Government Drops Charges Against Zacarias Moussaoui

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This is a partial transcript of The Big Story With John Gibson, September 25, 2003, that has been edited for clarity.

JOHN GIBSON, HOST: Are we fighting terror or not? Some legal gamesmanship in the Zacarias Moussaoui (search) case, the government now wants to drop the charges. Here to explain how this works, FOX News senior judicial analyst, Judge Andrew Napolitano. What's this all about?

JUDGE ANDREW NAPOLITANO, FNC SENIOR JUDICIAL ANALYST: Well, about a month ago, the trial judge ordered the government to produce Ramzi Binalshibh (search). Why? Because the Constitution says when you're being prosecuted, you can compel people to come in the courtroom to exonerate you.

GIBSON: He knows how Sept. 11 was cooked up

NAPOLITANO: [The judge] read a transcript of [Moussaoui's] interrogation. She said, “You know what, if a jury heard this, it might exonerate [Moussaoui].” The government declined to produce [Binalshibh], so [the judge] said to the defense lawyers, “What should I do to force [the government] to produce them?”

Defense counsel said, “Dismiss the case.” And the government shocked everyone yesterday. It was revealed today, when it said, “You know what? We think the case should be dismissed.” Now there are two theories here.

GIBSON: They won't let him go.

NAPOLITANO: No. Either they want the case dismissed by [this judge] so that it can go to the Fourth Circuit Court of Appeals, the most conservative in the nation, which they believe will reinstate it and maybe — just maybe — send it to another trial judge. Or they want to send him to Guantanamo Bay, where he would presumably be tried in a military tribunal and the refinements of constitutional protection would not be there.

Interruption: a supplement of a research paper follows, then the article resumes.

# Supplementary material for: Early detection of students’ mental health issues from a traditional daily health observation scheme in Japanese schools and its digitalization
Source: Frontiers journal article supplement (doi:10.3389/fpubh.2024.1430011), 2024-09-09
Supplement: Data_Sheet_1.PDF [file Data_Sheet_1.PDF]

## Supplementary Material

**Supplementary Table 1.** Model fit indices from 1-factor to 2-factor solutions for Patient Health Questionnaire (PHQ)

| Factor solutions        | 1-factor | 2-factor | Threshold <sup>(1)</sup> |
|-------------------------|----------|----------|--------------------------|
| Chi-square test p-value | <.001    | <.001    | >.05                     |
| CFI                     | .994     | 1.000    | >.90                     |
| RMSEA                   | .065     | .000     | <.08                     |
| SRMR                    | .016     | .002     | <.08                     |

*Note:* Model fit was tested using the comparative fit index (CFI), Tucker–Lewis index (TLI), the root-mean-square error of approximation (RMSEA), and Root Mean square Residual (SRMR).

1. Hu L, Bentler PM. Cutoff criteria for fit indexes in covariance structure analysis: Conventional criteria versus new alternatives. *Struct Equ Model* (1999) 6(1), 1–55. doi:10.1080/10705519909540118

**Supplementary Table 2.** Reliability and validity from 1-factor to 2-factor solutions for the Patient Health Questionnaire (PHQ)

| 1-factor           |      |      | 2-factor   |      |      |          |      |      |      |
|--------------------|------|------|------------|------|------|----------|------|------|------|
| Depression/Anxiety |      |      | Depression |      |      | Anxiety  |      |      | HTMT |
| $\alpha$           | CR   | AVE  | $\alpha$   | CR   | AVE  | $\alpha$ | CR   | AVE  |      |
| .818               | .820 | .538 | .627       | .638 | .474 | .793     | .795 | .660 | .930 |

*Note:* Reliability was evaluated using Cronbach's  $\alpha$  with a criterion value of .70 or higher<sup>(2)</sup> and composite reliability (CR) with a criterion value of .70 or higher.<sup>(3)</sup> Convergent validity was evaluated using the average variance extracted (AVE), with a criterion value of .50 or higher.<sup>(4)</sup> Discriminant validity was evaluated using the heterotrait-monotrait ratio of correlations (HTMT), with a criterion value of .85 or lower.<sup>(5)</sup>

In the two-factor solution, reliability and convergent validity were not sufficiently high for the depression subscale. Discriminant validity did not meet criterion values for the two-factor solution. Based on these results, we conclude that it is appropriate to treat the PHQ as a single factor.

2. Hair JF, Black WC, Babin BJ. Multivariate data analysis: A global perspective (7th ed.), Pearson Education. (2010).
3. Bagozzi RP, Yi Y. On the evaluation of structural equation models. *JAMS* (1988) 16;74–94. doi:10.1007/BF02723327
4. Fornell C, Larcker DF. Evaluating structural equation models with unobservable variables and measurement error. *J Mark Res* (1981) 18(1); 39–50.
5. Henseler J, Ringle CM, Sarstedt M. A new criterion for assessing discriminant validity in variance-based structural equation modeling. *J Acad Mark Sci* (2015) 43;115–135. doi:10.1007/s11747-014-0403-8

GIBSON: Okay. But he's right on the bubble. I mean, if they dismiss these charges, the situation actually could get a whole lot worse for him. He could find himself before a military tribunal, which has the power to kind of run him through very quickly and stand him on the floor of a firing squad.

NAPOLITANO: He will not find judges as receptive as [this judge]. Again, we do not know exactly what the military tribunal's procedures will be because we haven't used a military tribunal in this country since 1943. And there were two sets of procedures promulgated. One actually gave the defendant a fair amount of protections, among which is the right to bring into the courtroom those who could exonerate you. But it's almost inconceivable that military officers would order the Justice Department to bring Ramzi Binalshibh in the courtroom...

GIBSON: OK, apparently Ramzi Binalshibh would say, “Look, Moussaoui was too much of a nut for us to use. We thought he was a loose cannon. We wanted him to have nothing to do with Sept. 11.” Meanwhile, Moussaoui is standing up saying in court, “I'm an Al Qaeda terrorist. I am here for the destruction of the United States, and I wanted to fly one of those planes into the building.”

NAPOLITANO: ”But I had nothing to do with the plans.” That's his defense. Now, Ramzi Binalshibh has been interrogated for months and months and months. The judge ordered a transcript of those interrogations and she read them and said in open court, “You know what, if this guy says to a jury what he said to the interrogators, I think [Moussaoui] very well will be acquitted. Therefore, [Moussaoui has] the right to compel the government to bring him into the courtroom.”

The government is not stupid. The government strongly believes, and with good basis, the Fourth Circuit Court of Appeals will reverse this decision. I think they just want to get it over with.

GIBSON: All right. Judge Andrew Napolitano, thank you as always.

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